Friday, May 6, 2011

Aftercare Services for International Sex Trafficking Survivors

Increasingly, I've been hearing from human service providers in North Carolina communities that they are being asked to offer help to international sex trafficking survivors who have been rescued or escaped from traffickers. These providers include child protection workers, domestic violence advocates, sexual assault advocates, as well as social workers in many settings (e.g., health care, mental health, substance abuse). These providers also describe the challenge of trying their best to help vulnerable trafficking survivors with little guidance about best practices. Providers want to help survivors to recover and live safe, independent lives. However, providers are not always certain about what services to offer because survivors' problems are so complex and traumas so severe.

To help address these important information needs, Natalie Johns and I conducted a research study. This research was recently published in the journal Trauma, Violence and Abuse. You can find the article abstract here and download the article here.

Here I want to mention that when we worked on this research, Natalie was a graduate student in the UNC at Chapel Hill Schools of Public Health and Social Work. Natalie's interest in and passion about this topic helped to galvanize my own interest in and commitment to the issue of sex trafficking. So, this research also shows how creative and productive collaborations between faculty and students can be.

For this study, Natalie and I systematically reviewed and synthesized 20 documents addressing the needs of and services for international survivors of sex trafficking into the United States. Through this work, we found that trafficking survivors need a continuum of aftercare services to address their changing needs as they move from initial freedom to recovery and independence. From these research findings, we created a service delivery framework to help providers with developing programs for survivors. We hope that this framework will be useful for human service providers throughout the United States who are trying to develop new programs for trafficking survivors in their communities.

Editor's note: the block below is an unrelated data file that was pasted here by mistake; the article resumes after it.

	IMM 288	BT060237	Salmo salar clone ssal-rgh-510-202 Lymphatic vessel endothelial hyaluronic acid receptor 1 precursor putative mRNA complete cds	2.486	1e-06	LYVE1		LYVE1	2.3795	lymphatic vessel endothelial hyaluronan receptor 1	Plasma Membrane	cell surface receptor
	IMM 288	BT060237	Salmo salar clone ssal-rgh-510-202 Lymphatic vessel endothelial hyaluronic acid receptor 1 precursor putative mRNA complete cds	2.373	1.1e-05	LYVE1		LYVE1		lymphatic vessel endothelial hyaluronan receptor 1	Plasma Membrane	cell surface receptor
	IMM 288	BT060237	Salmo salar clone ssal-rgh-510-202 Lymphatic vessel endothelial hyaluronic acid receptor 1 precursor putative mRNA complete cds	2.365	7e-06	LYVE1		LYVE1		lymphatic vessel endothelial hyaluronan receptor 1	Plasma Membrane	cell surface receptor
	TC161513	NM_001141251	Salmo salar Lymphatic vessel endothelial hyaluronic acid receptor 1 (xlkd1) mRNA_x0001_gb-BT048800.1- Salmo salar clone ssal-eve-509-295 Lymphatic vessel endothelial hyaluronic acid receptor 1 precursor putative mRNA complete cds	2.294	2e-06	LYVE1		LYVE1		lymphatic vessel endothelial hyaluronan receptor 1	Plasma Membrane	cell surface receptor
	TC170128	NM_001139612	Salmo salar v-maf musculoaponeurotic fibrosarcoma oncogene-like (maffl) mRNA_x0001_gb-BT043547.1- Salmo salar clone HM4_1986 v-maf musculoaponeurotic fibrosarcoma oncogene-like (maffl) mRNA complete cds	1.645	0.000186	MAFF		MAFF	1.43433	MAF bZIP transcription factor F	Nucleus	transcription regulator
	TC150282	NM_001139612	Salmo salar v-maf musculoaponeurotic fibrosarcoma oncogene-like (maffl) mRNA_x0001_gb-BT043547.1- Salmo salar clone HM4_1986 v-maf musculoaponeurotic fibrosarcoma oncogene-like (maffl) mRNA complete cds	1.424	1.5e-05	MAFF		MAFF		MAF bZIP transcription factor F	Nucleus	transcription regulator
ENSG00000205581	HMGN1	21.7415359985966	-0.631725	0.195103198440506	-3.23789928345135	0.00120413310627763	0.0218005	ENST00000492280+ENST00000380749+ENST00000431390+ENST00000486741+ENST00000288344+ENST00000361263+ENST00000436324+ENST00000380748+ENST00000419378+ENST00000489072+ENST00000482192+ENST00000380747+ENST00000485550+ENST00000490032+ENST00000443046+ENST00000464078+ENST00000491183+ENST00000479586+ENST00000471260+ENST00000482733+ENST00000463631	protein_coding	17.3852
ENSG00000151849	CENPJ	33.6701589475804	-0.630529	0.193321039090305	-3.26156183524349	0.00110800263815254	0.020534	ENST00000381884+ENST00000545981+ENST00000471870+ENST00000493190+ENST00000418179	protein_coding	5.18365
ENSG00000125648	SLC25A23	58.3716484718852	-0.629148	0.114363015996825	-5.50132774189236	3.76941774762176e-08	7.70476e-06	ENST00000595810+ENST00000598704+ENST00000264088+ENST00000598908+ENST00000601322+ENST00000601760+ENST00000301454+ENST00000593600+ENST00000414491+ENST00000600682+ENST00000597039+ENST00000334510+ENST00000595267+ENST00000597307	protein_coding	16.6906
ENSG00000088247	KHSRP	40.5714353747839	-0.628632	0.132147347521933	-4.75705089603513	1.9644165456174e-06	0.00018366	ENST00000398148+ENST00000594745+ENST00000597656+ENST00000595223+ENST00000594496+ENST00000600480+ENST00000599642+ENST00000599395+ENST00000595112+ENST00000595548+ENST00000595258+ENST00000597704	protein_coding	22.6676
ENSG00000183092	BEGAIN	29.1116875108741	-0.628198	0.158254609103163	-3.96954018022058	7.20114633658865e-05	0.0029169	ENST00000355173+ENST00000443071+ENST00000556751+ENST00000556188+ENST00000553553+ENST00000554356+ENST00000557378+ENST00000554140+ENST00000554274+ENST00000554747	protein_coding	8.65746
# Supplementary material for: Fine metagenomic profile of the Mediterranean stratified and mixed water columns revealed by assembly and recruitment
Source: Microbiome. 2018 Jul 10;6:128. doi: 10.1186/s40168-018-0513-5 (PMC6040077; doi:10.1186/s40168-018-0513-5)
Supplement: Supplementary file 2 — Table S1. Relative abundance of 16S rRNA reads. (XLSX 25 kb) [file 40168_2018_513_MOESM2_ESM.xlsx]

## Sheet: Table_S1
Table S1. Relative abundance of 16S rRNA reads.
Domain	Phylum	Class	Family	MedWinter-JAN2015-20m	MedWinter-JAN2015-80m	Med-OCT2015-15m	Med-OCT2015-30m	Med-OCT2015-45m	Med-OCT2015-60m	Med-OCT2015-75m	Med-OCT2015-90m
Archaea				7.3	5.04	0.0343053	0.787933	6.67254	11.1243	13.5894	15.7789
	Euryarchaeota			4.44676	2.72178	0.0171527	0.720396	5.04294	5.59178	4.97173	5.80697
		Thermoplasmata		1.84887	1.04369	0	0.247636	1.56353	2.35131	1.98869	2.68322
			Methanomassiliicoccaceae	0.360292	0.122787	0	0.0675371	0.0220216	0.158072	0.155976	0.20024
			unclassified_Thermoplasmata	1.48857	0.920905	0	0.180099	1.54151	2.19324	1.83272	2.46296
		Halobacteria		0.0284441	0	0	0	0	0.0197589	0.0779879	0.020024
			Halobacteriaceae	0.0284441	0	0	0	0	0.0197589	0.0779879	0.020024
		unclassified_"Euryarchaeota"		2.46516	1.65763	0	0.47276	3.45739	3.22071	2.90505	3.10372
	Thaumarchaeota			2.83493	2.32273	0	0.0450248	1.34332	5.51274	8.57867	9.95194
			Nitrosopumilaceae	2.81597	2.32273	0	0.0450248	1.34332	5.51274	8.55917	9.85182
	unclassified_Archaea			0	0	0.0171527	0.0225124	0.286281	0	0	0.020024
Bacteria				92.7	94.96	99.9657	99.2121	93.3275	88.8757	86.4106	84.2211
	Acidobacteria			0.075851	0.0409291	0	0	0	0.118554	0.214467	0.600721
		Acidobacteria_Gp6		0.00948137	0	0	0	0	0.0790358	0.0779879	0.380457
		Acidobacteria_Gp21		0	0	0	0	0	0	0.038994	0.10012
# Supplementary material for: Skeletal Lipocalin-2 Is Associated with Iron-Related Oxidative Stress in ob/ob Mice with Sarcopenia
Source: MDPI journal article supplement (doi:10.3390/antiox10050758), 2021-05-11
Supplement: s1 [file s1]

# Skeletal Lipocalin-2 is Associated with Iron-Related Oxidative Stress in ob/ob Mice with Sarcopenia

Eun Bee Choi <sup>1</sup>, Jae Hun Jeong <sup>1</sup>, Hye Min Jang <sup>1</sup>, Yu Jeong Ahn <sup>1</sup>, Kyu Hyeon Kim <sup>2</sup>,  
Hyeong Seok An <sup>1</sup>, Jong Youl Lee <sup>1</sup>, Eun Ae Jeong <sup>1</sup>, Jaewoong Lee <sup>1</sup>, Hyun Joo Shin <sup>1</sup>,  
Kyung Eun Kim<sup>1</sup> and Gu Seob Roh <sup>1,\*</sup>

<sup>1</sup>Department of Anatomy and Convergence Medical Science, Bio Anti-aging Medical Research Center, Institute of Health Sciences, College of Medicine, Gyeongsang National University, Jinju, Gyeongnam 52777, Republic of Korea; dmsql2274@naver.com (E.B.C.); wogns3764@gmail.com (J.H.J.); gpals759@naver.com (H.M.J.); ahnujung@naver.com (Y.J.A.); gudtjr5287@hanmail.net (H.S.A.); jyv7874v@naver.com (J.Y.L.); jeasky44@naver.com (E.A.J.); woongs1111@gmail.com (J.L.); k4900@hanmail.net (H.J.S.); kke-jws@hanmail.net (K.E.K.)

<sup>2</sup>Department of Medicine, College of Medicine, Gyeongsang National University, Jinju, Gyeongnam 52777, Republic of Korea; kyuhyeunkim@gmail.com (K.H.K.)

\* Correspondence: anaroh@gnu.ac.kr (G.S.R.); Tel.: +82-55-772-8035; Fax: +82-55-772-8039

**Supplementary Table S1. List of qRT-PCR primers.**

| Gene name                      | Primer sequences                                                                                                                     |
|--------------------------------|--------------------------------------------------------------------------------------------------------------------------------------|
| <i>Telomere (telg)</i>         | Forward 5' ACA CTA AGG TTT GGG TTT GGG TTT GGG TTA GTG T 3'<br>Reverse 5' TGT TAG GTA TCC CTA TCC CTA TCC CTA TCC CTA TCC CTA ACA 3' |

Our research findings also showed the many challenges human service providers will face in developing such programs. For example, we need increased policy attention about how best to fund all the aftercare services that trafficking survivors will need. Our study also showed how little research attention has been given to evaluating existing aftercare service delivery programs. We also encourage anti-trafficking advocates, service providers, and policy makers to collaborate with researchers to evaluate aftercare programs whenever possible.

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